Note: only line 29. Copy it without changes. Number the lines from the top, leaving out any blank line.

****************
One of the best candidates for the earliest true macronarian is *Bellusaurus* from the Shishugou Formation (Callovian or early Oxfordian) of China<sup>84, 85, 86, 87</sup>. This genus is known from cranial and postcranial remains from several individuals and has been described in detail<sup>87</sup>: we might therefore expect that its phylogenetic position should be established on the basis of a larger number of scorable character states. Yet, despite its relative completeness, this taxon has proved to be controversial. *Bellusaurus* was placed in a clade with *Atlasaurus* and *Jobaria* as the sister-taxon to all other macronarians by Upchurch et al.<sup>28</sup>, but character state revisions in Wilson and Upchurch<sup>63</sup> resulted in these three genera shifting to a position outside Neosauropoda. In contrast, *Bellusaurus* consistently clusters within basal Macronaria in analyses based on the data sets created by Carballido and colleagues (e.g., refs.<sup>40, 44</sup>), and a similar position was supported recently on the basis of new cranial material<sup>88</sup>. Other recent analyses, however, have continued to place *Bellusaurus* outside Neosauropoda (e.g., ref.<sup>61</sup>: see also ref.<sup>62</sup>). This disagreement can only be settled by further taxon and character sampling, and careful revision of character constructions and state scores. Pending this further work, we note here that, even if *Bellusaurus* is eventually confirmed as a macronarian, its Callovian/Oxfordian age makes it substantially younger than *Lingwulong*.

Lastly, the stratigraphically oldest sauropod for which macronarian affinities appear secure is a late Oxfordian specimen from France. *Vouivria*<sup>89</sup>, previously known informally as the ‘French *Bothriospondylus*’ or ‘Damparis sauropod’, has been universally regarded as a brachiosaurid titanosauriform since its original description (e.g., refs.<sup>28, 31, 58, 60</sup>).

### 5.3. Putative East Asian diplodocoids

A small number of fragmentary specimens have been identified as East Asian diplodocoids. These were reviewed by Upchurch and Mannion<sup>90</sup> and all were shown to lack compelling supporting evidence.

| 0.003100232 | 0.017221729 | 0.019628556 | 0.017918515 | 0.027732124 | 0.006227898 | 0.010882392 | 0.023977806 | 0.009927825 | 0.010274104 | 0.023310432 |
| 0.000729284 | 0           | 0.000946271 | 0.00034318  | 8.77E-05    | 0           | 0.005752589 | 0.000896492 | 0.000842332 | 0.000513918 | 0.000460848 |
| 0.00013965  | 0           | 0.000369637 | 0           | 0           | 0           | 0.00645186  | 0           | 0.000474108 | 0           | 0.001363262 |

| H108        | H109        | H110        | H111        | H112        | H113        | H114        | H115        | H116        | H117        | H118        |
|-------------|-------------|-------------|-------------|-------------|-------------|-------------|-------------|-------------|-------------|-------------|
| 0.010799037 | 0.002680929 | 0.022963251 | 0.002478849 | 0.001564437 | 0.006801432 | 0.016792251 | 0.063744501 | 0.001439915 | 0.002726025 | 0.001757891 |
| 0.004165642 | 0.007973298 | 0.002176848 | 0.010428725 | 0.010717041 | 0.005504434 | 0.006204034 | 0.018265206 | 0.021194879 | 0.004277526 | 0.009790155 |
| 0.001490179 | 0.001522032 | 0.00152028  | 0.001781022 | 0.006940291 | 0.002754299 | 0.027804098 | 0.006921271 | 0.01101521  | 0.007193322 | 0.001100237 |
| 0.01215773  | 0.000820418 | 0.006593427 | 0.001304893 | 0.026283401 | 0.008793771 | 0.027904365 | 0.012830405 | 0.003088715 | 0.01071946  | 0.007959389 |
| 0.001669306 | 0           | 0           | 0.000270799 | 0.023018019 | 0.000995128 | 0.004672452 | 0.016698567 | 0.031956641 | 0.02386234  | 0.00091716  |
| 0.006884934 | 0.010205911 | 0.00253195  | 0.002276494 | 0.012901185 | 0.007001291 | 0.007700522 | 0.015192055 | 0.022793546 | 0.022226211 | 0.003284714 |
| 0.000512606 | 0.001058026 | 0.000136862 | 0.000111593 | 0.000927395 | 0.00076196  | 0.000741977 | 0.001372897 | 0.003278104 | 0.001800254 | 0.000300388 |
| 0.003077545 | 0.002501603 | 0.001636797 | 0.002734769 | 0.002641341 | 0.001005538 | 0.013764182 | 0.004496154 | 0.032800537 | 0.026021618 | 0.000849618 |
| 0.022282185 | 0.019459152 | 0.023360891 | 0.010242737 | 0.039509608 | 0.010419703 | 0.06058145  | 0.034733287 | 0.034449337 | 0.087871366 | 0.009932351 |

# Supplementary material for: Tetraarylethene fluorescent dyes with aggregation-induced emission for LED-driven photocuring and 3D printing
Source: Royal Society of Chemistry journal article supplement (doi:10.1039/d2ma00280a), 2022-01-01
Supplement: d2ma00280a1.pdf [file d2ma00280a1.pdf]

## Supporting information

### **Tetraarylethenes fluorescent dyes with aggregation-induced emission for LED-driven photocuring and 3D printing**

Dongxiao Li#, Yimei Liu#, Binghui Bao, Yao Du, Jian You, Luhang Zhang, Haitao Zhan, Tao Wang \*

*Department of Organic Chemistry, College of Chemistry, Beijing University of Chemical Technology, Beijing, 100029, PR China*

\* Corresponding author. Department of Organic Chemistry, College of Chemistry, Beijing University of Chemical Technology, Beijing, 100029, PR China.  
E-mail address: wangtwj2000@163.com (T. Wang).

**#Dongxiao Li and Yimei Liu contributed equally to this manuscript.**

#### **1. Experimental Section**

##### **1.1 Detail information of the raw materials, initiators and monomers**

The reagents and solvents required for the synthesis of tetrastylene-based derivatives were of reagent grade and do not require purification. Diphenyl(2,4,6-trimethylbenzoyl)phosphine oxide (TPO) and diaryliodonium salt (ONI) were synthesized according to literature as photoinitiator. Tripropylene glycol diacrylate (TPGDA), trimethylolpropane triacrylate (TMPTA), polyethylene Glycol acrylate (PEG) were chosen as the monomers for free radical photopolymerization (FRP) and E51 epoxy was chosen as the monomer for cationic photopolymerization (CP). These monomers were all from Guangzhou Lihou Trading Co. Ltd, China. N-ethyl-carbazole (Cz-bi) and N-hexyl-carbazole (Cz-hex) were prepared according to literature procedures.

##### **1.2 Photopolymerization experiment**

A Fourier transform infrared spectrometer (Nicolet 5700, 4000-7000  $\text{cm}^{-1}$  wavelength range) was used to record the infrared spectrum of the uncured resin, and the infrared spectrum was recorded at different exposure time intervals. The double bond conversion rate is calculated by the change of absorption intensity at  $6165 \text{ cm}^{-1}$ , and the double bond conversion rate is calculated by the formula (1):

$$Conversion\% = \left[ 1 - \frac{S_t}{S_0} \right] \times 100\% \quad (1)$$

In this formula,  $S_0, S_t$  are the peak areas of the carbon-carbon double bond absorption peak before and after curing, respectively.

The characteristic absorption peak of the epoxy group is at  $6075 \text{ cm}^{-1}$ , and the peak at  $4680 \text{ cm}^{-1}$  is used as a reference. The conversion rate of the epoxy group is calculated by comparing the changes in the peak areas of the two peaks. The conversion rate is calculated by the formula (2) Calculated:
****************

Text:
#### **1. Experimental Section**